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Amanda Knox conviction: Italy strikes back at US complaints

US student Amanda Knox's conviction for the murder of her roommate in Italy, has sparked some complaints of an unfair trial. Prosecutors and the Italian press are striking back.

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Italian foreign minister Franco Frattini played down the chances the conviction would affect relations with the US on Sunday. Front page stories in the Italian press have alleged US Secretary of State Hillary Clinton was planning to intervene in the matter, having been petitioned by Sen. Maria Cantwell (D) of Washington.

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Ms. Cantwell said the 11-month trial was tainted by anti-American bias, perhaps overlooking the fact that Knox's codefendant is Italian.

Mr. Frattini said Mrs. Clinton's interest in the case "seems to me to be right and normal." Clinton had said only that she would listen to anyone who has concerns about the conduct of the case.

Frattini said that strong criticism of the trial had come from Knox's relatives and supporters, and it was wrong to confuse that with the position of the US government.

No motive offered

After a 13-hour deliberation, the eight-person jury found that Knox and Sollecito had stabbed Kercher in the neck during a violent sex game.

It failed, however, to offer a motive for the killing – suggesting that jurors were less than 100 percent convinced by the prosecution's lurid insistence that the murder was the result of Knox's alleged sexual deviancy and weeks of bitter arguments between the two women, who were both studying at Perugia's University for Foreigners.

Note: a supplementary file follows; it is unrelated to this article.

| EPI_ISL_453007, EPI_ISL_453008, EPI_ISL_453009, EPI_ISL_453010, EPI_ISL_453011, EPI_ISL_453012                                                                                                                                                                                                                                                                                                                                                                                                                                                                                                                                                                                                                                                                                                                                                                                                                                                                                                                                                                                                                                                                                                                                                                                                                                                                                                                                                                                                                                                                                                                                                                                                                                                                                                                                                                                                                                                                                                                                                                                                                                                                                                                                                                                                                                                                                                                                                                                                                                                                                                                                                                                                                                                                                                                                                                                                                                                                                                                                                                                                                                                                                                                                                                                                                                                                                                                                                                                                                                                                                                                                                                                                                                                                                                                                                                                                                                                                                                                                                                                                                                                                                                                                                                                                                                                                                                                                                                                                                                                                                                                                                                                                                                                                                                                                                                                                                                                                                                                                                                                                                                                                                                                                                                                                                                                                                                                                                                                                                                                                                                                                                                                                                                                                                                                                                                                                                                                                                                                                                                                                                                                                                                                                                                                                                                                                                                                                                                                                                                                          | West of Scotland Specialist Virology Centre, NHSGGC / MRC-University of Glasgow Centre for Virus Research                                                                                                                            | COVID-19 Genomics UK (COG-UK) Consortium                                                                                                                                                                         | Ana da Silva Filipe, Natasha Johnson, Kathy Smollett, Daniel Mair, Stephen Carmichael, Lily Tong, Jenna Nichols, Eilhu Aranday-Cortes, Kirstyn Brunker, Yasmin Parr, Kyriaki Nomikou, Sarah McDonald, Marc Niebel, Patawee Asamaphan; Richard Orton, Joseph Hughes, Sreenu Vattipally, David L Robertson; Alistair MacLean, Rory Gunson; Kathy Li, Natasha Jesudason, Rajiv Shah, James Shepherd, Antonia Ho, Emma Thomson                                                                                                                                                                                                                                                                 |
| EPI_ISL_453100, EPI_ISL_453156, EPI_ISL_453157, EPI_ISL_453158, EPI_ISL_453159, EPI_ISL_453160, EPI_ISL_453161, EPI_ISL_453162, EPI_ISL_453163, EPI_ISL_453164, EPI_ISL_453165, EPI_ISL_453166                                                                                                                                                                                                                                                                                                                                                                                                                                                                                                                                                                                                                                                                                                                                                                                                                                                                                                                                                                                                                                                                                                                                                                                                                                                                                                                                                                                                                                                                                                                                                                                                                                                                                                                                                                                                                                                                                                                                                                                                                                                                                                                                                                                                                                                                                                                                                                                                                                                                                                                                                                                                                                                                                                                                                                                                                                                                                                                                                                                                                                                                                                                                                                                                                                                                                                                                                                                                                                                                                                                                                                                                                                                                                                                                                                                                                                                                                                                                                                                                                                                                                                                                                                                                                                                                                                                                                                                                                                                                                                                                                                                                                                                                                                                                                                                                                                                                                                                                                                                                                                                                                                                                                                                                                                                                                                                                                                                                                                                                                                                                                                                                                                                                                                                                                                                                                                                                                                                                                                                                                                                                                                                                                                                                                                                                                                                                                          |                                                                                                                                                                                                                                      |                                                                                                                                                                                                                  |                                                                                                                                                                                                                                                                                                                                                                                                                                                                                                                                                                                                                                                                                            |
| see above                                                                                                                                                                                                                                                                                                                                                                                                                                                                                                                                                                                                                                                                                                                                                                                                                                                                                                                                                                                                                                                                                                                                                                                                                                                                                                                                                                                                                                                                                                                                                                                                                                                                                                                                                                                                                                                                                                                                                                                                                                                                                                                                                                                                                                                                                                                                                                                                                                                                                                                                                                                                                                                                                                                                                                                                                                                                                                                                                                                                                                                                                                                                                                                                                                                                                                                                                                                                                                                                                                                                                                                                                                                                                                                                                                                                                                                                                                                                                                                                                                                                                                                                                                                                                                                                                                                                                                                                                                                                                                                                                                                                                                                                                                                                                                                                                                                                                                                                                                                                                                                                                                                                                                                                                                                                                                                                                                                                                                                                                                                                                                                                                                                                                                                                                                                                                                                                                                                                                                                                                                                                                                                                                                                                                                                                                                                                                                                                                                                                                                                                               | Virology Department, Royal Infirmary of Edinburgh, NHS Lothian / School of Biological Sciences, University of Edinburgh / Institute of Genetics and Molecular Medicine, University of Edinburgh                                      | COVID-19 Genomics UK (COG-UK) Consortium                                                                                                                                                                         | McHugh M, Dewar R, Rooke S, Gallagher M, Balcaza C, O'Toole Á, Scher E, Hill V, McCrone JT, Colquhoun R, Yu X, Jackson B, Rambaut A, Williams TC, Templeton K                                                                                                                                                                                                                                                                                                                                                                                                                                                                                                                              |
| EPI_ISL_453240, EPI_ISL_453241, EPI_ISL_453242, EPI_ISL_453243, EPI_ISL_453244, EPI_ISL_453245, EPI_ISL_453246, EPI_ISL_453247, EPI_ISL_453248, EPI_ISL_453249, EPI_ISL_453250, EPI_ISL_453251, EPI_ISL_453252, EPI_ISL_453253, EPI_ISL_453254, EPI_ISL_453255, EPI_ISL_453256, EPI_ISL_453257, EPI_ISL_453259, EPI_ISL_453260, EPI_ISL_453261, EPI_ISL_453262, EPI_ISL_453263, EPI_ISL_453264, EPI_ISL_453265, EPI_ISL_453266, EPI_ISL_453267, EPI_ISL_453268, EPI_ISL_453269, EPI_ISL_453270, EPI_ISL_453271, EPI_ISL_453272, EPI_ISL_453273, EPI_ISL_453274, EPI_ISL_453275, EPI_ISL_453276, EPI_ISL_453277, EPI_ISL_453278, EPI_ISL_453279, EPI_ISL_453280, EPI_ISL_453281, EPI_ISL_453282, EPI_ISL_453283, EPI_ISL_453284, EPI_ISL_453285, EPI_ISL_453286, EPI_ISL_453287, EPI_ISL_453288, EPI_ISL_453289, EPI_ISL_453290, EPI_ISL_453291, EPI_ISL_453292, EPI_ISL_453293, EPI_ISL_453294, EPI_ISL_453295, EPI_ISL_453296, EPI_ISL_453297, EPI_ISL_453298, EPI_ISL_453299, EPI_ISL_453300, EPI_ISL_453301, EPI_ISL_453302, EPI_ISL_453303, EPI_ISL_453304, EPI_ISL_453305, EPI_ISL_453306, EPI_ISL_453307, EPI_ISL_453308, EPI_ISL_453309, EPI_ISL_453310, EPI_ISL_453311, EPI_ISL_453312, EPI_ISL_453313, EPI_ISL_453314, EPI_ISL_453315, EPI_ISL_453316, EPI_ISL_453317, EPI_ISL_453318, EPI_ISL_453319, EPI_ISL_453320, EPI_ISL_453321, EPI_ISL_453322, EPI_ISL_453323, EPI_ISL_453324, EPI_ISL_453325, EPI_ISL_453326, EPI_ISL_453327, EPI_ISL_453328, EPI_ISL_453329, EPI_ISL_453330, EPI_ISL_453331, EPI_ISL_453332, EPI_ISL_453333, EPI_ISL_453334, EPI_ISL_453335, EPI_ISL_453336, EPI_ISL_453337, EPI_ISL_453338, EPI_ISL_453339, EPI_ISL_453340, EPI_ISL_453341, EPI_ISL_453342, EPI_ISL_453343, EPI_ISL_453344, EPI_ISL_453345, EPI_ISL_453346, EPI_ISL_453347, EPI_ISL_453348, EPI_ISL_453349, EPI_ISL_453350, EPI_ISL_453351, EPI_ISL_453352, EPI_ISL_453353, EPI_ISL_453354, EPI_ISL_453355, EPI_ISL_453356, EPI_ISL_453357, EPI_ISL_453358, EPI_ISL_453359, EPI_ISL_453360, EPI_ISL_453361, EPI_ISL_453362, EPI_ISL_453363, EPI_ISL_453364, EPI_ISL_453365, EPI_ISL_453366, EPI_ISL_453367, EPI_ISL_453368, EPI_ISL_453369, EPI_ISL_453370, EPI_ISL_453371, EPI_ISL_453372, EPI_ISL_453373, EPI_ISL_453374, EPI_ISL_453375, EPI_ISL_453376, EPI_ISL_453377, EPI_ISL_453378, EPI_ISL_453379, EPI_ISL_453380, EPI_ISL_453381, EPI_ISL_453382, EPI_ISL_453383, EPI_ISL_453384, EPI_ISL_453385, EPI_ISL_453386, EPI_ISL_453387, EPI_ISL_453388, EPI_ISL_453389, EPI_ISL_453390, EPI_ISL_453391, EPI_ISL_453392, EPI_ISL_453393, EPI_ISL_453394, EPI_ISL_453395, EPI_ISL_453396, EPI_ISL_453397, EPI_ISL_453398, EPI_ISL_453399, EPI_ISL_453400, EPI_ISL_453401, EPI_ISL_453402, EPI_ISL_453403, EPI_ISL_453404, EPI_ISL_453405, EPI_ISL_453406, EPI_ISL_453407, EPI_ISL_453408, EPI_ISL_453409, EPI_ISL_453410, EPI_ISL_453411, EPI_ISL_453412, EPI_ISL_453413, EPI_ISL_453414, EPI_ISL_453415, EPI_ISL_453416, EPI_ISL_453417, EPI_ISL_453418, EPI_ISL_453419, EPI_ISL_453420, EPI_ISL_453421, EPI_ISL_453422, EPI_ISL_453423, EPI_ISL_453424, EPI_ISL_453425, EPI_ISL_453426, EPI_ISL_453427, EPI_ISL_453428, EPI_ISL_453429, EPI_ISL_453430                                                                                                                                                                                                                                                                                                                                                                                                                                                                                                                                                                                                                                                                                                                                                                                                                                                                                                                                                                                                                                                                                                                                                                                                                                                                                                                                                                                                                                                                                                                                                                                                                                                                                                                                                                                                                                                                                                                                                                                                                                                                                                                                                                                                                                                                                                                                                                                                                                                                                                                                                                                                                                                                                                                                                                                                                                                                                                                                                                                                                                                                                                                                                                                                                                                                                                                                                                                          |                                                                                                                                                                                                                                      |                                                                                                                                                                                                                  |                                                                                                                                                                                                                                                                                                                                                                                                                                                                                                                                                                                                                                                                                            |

The fact that the jury rejected the prosecution's request for life sentences also hinted at doubts about the couple's guilt, defense lawyers said.

Claudia Matteini, the judge who signed the arrest warrant for Knox and Sollecito a few days after Miss Kercher was found dead in her bedroom, said the condemnation of the Italian justice system by American commentators was offensive. "The trial followed all the right steps without a single irregularity," she said. "The investigation was conducted with absolute transparency."

The upcoming appeal

Lawyers for Knox and Sollecito are preparing appeals.

Giulia Bongiorno, a high-profile lawyer and member of parliament who led Sollecito's defense, said she was confident the convictions would be overturned on appeal, or at the very least the prison sentences would be reduced.

The first appeal, which is expected to start sometime in late 2010, could take up to a year. If that is rejected, Knox and Sollecito are entitled to go to a second appeal in front of Italy's Supreme Court. The whole process could take up to five years, judicial experts said.

Unlike in the US and Britain, where appeals are allowed on merit, in Italy all convicted criminals have the right to embark on an exhaustive, two-stage appeals process.

Massimo Consolini, an Italian law expert, said "the prospects are good" for Knox and her ex-boyfriend to have their convictions overturned.

The main problem with Italian law, he said, was not that it was hard to secure a fair trial, but that trials, and ensuing appeals, took so long.

Many cases are dropped altogether when they expire under Italy's complicated statute of limitations, which varies according to the severity of the allegations.

Italians have at times been upset with the course of US justice as well.

Italians were outraged after a US Marine fighter plane sliced into the cables of a ski gondola in northern Italy in 1998, killing 20 people. An American military jury acquitted the pilot of manslaughter.

More recently, an Italian court convicted 23 Americans in absentia — most of them CIA agents — on charges of kidnapping related to the "extraordinary rendition" of an Egyptian cleric.

The Muslim cleric was bundled off the streets of Milan in 2003 and flown to Egypt, where he alleges he was tortured.

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